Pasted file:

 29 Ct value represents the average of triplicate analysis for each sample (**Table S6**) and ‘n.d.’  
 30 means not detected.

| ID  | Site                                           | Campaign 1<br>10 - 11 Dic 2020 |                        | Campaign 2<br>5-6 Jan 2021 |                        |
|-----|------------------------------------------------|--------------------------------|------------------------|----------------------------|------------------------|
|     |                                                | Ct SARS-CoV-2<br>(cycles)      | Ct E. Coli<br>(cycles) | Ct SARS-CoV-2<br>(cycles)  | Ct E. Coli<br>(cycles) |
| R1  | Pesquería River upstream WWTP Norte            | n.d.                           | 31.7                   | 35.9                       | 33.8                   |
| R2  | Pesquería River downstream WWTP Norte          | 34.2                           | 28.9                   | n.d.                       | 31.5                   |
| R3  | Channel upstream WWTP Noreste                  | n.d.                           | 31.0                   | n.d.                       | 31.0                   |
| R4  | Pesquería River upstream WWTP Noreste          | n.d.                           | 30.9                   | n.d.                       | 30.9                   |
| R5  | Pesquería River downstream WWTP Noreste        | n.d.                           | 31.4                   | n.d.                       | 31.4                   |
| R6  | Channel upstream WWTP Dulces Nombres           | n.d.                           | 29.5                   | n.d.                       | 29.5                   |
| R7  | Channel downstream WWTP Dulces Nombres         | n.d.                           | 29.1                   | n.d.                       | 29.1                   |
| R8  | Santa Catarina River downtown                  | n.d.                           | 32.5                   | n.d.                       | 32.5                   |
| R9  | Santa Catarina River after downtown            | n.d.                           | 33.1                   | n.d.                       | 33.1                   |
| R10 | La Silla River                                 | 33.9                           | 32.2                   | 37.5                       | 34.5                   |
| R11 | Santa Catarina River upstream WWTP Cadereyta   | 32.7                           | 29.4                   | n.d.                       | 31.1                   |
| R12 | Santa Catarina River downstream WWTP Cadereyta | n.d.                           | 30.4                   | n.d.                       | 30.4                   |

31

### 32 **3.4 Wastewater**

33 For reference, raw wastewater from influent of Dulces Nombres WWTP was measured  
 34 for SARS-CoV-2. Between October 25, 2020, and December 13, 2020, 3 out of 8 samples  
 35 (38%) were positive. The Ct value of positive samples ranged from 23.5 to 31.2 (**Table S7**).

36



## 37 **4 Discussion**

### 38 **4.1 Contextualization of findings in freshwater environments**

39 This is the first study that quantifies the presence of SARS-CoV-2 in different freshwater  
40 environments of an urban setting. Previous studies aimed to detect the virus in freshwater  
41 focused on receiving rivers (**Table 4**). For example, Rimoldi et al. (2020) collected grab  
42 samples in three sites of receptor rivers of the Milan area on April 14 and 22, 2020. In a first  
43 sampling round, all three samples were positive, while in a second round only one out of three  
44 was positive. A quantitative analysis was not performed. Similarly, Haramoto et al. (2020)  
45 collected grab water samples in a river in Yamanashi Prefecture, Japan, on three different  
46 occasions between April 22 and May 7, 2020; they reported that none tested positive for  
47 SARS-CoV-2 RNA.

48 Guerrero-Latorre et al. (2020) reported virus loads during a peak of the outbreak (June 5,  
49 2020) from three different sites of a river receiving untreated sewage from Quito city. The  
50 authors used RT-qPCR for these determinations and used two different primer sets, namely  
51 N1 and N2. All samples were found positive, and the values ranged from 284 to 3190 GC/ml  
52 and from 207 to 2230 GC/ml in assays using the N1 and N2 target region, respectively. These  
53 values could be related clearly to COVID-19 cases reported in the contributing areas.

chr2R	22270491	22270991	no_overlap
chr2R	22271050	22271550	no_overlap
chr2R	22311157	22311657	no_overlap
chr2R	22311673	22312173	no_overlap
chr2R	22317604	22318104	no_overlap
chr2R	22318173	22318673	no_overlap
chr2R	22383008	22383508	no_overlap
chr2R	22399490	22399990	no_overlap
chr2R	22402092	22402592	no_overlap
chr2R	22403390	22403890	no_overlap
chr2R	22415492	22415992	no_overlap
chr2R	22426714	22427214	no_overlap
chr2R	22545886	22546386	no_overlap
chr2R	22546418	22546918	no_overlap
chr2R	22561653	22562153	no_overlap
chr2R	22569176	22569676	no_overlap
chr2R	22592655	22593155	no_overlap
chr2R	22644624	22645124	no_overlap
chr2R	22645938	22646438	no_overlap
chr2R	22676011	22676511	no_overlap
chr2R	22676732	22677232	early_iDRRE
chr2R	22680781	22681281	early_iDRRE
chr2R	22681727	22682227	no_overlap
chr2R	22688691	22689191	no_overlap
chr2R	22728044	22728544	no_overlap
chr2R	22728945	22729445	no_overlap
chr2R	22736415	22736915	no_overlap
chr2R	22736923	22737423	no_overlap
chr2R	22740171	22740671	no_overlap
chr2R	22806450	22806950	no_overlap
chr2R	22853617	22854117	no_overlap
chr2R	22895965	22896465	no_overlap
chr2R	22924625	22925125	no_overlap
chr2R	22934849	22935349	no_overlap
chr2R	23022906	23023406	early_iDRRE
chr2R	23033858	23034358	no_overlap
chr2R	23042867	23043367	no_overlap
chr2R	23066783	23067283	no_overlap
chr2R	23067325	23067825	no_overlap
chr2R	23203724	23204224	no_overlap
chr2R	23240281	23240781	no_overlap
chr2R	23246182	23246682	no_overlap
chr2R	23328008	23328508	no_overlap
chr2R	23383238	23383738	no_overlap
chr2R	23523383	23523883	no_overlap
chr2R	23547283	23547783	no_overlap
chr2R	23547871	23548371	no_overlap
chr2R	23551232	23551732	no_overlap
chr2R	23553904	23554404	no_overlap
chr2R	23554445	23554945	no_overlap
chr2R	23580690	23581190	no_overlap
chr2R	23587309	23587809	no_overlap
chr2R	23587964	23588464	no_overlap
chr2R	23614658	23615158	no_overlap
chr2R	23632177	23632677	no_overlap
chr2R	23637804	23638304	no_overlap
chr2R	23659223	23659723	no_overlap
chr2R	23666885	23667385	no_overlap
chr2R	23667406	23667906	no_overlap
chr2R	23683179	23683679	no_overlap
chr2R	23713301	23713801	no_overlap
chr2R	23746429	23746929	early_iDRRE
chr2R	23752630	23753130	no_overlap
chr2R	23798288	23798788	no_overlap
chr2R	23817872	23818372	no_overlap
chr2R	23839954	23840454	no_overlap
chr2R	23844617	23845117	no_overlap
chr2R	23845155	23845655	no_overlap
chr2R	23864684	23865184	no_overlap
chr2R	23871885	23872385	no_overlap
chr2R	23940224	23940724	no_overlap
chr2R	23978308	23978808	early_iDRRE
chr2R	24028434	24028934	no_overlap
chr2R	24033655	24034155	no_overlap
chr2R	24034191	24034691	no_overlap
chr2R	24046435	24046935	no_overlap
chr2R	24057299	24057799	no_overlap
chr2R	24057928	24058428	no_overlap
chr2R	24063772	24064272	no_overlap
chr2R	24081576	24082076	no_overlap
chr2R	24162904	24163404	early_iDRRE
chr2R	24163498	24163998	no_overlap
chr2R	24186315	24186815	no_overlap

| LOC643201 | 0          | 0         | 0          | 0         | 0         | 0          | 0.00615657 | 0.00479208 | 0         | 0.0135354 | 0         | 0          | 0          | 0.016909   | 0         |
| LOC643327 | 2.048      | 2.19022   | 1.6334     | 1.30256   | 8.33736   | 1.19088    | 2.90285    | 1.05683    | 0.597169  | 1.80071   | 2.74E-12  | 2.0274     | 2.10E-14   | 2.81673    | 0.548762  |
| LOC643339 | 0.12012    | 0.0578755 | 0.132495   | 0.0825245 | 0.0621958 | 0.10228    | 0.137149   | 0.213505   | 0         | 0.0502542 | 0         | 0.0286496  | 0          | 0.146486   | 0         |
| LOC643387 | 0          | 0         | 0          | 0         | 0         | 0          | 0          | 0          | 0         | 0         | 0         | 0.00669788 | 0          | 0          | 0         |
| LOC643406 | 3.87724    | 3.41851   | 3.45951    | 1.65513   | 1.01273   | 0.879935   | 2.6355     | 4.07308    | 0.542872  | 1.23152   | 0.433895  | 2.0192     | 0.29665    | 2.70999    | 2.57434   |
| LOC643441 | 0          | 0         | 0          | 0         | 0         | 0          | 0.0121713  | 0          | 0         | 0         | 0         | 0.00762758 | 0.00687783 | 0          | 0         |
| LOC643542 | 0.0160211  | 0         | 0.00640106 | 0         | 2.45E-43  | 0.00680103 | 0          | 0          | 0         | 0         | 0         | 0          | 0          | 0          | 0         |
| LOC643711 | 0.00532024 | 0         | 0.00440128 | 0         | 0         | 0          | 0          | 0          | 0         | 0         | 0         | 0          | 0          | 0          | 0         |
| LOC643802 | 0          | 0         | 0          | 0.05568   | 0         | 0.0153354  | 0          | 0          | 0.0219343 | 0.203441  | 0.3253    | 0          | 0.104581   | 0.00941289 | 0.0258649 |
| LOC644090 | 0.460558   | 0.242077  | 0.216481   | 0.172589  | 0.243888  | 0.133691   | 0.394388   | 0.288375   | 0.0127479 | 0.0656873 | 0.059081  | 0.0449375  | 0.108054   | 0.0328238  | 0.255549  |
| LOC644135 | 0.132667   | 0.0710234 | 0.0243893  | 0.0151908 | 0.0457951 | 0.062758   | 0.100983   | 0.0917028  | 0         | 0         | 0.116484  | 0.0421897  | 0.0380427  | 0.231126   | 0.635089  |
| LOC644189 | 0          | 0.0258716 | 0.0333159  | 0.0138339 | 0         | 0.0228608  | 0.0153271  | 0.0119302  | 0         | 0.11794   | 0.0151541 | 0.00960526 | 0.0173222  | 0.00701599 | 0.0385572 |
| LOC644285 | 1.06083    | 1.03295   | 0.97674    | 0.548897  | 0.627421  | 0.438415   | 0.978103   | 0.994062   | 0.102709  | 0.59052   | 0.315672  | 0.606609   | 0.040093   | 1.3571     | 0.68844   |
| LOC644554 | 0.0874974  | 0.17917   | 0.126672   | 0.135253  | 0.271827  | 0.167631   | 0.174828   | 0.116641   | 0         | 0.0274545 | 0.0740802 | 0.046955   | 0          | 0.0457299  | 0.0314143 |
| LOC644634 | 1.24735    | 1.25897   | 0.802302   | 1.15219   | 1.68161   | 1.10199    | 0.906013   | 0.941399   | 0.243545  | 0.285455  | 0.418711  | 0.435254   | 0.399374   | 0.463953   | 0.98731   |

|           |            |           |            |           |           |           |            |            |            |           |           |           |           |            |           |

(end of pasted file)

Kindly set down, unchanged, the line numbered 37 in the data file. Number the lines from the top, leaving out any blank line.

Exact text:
50 authors used RT-qPCR for these determinations and used two different primer sets, namely  